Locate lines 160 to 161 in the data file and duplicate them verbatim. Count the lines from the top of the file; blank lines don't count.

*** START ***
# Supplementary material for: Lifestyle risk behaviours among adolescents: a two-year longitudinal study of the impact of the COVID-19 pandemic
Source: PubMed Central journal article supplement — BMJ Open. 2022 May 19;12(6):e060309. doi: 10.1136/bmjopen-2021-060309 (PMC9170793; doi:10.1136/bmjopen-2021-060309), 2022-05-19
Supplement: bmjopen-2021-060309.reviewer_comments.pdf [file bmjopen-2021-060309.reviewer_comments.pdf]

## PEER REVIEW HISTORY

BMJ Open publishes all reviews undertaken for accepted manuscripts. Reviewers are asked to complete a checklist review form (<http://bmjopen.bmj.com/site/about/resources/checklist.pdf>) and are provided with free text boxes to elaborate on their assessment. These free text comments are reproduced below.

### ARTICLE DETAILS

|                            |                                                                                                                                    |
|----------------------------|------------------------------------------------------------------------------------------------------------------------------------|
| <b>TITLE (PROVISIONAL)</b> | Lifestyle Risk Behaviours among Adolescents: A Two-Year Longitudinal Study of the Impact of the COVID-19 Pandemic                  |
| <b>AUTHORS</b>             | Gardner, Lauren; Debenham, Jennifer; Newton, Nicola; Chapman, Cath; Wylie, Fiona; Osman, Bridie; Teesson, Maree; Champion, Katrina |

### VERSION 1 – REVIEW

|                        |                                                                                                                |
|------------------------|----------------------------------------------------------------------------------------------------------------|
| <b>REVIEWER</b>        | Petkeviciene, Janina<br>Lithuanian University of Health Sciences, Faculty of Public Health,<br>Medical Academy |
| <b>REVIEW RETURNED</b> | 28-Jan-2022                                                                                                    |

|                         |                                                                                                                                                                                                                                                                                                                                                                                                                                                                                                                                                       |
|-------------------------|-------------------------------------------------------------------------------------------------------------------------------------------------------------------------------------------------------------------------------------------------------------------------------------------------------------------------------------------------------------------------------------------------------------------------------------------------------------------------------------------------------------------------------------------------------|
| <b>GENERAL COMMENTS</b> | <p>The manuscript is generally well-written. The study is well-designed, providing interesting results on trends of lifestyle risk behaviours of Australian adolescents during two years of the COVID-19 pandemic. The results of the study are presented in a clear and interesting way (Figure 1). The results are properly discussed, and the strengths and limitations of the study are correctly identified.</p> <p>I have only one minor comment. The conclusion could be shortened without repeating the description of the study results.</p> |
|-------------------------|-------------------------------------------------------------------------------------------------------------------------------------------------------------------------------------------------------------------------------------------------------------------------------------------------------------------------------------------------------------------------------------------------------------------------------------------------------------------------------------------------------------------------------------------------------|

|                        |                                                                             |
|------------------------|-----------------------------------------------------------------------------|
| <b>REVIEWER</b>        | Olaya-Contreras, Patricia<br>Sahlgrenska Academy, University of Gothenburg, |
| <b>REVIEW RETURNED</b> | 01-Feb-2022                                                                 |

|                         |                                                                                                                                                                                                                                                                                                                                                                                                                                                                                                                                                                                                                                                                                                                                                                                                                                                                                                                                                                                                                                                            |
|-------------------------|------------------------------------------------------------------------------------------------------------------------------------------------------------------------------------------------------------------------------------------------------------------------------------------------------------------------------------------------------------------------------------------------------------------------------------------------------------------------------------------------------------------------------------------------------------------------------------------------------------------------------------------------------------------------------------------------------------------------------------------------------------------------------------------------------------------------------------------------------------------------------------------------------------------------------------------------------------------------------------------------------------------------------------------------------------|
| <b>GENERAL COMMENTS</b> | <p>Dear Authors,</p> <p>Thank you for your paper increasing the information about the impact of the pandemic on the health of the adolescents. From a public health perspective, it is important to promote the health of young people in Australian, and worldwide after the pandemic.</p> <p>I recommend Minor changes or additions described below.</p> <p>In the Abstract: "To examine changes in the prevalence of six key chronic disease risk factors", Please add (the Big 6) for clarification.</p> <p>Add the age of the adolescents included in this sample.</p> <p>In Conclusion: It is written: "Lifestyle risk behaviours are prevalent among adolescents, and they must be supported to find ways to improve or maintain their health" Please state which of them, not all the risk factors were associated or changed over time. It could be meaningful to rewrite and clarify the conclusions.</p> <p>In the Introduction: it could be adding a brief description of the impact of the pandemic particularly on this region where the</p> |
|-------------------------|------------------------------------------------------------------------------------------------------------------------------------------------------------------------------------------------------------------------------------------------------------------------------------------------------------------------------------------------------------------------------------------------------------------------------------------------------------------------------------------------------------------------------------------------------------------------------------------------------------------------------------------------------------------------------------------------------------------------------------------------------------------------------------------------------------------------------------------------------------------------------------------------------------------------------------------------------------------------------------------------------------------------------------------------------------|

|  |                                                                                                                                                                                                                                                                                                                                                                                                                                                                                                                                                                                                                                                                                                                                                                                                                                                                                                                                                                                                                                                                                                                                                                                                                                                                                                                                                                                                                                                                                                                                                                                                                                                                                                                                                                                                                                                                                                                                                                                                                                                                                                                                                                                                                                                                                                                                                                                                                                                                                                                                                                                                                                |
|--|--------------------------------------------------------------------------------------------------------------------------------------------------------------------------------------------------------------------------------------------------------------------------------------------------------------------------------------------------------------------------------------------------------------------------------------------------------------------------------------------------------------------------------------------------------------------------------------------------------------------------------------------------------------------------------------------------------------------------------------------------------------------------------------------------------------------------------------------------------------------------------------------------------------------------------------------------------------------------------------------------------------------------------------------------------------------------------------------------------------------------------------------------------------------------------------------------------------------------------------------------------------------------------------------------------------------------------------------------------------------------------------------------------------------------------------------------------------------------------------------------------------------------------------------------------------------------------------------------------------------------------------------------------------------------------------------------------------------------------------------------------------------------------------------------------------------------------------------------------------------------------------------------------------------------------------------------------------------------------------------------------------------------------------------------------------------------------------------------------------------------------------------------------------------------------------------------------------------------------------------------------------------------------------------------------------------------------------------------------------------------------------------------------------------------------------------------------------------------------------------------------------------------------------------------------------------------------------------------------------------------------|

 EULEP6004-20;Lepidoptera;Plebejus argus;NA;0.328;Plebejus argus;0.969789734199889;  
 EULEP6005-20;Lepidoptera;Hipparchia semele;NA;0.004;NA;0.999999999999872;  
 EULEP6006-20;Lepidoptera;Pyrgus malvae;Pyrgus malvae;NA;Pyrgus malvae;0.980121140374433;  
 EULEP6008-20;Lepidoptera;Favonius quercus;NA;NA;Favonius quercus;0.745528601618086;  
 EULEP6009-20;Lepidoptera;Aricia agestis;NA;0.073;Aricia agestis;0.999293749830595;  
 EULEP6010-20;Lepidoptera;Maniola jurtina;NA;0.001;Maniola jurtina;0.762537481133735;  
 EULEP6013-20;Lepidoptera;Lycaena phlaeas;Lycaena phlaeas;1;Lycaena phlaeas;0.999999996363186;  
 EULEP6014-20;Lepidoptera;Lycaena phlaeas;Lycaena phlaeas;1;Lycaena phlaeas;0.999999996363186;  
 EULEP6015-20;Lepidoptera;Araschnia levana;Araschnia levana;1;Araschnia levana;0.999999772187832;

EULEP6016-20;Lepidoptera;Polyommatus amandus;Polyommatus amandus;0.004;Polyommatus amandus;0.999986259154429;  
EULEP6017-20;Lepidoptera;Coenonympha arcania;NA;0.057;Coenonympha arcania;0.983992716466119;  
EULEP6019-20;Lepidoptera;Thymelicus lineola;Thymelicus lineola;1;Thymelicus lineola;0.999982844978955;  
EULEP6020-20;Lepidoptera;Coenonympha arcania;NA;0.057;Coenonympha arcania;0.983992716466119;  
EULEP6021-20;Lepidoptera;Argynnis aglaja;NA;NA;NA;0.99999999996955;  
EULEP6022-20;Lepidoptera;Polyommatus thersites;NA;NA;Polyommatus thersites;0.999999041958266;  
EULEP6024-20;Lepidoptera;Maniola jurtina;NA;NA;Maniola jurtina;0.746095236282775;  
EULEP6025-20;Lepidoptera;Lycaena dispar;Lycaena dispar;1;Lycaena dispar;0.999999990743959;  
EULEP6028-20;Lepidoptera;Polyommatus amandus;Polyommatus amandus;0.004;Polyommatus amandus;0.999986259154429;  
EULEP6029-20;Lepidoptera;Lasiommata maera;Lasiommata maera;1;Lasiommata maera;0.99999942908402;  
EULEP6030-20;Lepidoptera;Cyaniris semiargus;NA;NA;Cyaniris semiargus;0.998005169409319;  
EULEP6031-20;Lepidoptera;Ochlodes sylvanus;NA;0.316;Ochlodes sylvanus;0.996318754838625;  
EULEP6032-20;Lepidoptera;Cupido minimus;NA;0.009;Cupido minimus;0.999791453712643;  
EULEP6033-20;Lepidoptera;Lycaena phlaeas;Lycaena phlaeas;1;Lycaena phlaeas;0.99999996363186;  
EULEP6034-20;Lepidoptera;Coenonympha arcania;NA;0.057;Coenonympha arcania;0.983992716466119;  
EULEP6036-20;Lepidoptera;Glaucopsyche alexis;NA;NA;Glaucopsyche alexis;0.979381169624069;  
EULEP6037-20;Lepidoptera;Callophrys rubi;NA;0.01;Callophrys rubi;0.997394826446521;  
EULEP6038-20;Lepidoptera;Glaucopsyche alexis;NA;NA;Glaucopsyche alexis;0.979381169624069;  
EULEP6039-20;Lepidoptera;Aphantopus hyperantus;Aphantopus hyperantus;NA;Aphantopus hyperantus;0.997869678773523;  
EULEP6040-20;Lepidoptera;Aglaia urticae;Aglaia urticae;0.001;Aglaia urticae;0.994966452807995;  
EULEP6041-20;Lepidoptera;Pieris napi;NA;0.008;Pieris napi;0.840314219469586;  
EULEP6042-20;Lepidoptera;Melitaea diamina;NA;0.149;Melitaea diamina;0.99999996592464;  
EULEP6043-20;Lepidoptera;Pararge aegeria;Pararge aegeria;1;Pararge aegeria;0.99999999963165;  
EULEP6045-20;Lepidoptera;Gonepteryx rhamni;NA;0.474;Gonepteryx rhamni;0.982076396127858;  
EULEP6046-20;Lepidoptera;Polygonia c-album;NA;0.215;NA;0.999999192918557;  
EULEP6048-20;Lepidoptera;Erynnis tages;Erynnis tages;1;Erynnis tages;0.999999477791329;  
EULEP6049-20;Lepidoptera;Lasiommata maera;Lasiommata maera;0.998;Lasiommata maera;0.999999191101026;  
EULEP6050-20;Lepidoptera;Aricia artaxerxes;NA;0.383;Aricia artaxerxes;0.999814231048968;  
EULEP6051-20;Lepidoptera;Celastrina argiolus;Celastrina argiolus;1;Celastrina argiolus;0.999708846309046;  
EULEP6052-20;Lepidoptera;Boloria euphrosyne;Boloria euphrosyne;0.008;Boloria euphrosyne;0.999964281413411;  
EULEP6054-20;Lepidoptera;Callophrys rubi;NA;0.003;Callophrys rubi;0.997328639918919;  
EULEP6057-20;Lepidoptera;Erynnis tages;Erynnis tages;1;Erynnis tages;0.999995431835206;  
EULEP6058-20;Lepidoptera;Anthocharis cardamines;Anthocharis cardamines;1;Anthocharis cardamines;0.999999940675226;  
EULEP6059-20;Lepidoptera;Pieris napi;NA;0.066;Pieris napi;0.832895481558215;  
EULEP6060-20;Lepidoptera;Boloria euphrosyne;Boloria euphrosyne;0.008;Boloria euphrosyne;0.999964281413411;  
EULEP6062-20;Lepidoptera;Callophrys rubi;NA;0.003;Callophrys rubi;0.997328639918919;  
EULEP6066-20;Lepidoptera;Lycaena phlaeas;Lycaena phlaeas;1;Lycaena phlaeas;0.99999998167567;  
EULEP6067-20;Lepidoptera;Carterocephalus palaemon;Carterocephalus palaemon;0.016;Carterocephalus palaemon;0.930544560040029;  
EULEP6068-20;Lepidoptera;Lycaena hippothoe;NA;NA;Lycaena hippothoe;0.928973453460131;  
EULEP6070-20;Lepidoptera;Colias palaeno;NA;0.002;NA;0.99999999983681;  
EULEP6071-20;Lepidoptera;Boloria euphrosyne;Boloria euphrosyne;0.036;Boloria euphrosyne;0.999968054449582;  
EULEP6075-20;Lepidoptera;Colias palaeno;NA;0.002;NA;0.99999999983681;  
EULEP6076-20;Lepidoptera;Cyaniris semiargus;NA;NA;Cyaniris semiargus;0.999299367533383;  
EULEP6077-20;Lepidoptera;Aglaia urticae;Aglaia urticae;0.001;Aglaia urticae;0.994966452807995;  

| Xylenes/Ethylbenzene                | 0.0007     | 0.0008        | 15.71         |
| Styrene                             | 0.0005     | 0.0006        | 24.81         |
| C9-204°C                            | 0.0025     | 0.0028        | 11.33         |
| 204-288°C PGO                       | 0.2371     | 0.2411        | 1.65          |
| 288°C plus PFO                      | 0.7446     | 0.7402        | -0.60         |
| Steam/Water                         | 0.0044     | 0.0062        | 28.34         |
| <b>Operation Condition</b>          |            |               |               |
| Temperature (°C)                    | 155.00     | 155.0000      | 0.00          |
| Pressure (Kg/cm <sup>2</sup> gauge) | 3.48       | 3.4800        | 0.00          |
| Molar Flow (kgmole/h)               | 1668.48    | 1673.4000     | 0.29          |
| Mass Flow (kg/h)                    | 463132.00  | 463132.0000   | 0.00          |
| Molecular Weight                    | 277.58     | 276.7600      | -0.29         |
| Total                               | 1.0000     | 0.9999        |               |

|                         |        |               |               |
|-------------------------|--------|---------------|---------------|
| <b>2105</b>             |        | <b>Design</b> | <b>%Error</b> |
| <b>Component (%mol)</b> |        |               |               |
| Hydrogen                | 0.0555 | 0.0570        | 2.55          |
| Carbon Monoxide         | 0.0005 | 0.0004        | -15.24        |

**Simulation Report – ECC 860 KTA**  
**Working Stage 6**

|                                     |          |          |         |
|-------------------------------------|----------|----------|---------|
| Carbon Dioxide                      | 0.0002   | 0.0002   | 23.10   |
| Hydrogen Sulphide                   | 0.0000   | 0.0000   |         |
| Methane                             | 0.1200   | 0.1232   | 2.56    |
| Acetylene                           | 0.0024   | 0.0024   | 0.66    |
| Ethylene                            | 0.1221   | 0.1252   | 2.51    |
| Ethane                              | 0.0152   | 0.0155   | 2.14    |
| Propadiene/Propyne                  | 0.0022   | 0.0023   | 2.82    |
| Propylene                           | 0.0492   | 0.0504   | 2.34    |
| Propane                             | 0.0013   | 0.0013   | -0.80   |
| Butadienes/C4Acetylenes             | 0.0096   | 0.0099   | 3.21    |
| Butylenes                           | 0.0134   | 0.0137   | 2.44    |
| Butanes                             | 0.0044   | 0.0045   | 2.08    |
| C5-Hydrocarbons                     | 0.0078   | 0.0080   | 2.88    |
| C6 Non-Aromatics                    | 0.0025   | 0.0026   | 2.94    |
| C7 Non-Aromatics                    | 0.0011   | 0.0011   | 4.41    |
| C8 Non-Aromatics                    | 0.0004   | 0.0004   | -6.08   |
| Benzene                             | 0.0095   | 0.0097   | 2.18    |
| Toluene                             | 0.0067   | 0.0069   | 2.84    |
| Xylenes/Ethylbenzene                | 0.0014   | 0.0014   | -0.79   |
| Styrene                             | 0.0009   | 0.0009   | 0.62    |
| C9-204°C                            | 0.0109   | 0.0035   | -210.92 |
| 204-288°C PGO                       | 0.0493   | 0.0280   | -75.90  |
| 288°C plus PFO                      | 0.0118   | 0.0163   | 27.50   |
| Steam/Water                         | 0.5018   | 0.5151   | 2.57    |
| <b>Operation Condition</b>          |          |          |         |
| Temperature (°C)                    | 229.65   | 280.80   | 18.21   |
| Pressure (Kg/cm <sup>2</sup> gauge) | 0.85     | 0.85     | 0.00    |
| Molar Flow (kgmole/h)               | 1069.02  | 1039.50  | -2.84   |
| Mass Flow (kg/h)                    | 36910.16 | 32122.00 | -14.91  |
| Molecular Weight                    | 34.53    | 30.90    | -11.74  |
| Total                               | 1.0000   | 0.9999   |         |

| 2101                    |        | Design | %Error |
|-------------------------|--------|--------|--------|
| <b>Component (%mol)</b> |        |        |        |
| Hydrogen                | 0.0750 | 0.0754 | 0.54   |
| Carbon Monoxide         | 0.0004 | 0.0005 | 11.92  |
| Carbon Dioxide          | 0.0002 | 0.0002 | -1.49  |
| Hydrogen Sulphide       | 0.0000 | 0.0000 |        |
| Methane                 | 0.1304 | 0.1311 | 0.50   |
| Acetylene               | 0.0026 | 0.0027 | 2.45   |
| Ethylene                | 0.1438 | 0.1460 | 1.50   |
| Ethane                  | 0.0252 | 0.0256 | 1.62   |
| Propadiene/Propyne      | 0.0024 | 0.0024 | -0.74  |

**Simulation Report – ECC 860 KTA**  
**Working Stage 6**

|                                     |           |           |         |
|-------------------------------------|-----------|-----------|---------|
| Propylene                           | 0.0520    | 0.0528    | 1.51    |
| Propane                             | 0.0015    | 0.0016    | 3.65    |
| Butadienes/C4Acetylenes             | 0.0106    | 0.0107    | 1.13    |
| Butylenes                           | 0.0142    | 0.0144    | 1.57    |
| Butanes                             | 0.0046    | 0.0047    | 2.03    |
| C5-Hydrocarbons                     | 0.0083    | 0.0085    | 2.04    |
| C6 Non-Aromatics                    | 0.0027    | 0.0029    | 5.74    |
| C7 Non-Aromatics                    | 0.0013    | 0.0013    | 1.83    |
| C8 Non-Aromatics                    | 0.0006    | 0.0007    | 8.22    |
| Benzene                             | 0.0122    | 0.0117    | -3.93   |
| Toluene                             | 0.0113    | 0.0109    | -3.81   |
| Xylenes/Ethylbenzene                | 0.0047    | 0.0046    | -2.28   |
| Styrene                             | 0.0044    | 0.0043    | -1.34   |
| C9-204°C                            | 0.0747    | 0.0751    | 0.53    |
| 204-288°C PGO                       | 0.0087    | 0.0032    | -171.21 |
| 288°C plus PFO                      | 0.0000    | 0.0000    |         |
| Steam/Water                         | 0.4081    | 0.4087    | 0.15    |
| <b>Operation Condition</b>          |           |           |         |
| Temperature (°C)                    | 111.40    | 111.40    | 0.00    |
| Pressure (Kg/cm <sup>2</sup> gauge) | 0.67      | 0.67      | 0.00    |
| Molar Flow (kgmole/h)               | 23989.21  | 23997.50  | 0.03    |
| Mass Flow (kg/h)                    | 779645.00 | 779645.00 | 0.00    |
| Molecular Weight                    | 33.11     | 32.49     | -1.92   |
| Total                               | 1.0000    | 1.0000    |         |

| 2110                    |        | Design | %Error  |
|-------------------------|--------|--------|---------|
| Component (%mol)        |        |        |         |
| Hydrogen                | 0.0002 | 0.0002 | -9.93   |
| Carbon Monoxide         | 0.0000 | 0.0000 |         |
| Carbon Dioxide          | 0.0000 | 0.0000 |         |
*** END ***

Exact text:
| C7 Non-Aromatics                    | 0.0013    | 0.0013    | 1.83    |
| C8 Non-Aromatics                    | 0.0006    | 0.0007    | 8.22    |